Email is growing by leaps and bounds, both in importance and volume. So it's not good news that nobody's in the wheelhouse.
Yet that's what turned up in a survey of 1,043 email users conducted by a the Association for Information and Image Management, which calls itself the Enterprise Content Management (ECM) association (an example of what happens when you seek to modernize your name but still own a longstanding brand and URL).
Results of the industry group's online survey taken in August and September 2006 reveal that most organizations aren't managing email at all. Aside from storing it for a given time period, most respondents reported relying on end users to decide what to keep and what to throw out. (See AIIM Posts Results.)
Further, what passes for email management could raise a regulator's hackles. Forget automated policies tied to full text searches. (See Stop That Email!.) For respondents in companies of all sizes, formal policies govern things like acceptable employee use of email systems, acceptable content of messages, mailbox size, and a company's ownership of the email. When it comes to setting rules for using email to transact business, discuss human resources issues, exchange confidential information, respond to requests from regulators or lawyers, the majority of respondents reported no policies in place.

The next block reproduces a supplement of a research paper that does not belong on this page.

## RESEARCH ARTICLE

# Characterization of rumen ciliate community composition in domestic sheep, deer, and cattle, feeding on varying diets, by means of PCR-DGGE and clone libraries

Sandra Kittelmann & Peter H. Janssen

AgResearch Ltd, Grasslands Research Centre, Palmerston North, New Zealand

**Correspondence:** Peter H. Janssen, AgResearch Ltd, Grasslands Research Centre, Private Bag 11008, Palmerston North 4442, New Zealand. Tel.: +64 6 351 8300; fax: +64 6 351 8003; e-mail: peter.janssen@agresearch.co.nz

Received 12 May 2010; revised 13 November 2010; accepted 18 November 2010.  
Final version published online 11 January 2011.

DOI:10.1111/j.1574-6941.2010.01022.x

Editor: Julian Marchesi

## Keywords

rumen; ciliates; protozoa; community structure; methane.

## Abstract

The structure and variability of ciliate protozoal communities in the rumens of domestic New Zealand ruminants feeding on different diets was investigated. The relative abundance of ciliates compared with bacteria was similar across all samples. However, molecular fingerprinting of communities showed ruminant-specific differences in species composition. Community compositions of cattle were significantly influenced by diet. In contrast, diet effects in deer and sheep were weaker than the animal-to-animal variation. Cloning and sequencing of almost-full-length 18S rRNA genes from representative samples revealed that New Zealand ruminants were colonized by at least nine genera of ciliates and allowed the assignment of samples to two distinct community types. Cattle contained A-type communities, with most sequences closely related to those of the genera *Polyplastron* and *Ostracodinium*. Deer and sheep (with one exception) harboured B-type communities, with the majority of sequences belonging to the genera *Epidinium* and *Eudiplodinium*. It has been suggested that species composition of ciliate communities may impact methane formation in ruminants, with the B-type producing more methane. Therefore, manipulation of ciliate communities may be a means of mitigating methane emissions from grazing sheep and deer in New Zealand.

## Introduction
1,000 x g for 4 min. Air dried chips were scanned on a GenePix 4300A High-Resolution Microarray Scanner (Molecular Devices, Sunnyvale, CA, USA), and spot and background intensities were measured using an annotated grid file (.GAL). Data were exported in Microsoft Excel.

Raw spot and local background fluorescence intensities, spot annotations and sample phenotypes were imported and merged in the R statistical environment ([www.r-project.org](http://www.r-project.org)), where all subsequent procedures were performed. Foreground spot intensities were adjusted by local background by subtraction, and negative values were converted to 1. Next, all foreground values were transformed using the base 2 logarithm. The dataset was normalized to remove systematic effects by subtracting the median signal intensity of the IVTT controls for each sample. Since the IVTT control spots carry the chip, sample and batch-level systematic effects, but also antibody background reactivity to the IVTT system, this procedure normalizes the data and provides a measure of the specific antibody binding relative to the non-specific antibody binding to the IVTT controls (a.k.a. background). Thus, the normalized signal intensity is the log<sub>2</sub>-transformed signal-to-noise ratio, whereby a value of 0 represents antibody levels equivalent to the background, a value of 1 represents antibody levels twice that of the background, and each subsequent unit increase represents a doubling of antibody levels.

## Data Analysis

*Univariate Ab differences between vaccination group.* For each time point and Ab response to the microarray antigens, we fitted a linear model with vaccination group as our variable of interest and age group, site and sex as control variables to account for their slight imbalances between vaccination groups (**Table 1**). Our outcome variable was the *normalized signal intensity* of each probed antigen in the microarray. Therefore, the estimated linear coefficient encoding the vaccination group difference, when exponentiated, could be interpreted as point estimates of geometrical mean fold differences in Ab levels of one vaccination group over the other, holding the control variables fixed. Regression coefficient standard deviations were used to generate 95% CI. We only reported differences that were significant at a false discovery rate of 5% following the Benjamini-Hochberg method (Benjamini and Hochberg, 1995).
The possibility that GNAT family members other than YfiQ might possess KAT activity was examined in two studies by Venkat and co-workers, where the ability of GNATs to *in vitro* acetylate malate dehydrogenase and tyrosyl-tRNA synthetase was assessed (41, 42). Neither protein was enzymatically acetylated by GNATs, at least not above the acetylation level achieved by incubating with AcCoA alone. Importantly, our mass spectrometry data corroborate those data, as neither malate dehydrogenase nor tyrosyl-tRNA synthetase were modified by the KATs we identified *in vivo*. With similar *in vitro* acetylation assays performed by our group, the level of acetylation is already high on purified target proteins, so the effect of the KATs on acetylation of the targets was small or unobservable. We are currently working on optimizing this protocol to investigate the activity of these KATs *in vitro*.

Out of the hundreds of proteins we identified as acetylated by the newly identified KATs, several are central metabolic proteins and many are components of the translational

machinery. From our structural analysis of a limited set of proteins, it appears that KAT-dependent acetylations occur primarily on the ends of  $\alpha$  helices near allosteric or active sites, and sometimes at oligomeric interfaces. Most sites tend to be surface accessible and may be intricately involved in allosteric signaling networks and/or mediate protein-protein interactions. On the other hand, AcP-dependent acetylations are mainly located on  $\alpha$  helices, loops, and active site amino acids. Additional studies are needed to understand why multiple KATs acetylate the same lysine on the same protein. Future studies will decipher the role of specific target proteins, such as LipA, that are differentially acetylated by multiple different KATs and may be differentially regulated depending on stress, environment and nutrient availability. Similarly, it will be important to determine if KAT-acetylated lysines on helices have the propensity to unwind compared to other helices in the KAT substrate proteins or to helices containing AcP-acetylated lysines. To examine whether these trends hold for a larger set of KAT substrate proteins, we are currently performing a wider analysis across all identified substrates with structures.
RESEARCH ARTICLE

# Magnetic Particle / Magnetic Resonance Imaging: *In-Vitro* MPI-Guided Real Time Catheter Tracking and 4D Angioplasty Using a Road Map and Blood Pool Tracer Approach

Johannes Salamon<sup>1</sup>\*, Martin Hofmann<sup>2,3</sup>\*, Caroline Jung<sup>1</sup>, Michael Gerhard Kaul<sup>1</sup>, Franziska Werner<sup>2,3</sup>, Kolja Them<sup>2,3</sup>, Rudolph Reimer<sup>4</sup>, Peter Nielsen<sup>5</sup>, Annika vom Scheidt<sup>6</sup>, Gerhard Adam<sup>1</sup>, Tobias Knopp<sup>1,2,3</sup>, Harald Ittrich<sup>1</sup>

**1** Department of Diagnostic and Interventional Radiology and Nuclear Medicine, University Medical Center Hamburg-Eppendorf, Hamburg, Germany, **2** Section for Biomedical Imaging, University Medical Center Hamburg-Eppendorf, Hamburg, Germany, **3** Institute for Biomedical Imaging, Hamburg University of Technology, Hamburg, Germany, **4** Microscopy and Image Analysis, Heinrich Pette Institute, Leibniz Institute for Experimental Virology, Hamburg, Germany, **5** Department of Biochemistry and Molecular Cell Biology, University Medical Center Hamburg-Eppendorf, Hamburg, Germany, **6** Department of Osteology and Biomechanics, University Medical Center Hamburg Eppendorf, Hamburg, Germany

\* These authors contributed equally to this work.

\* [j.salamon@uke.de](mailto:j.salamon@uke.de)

Table 1: Does your organization have any policies restricting or limiting the use of e-mail for any of the following purposes? (Percentage of 1,043 respondents)
|Negotiating contracts and agreements
|Discussing HR issues
|Discussing operational or product strategies
|Exchanging confidential or sensitive information
|Responding to regulators
|Answering inquiries from customers
|Exchanging invoices, statements, and payment information
|Filing documents with official bodies
|Responding to litigation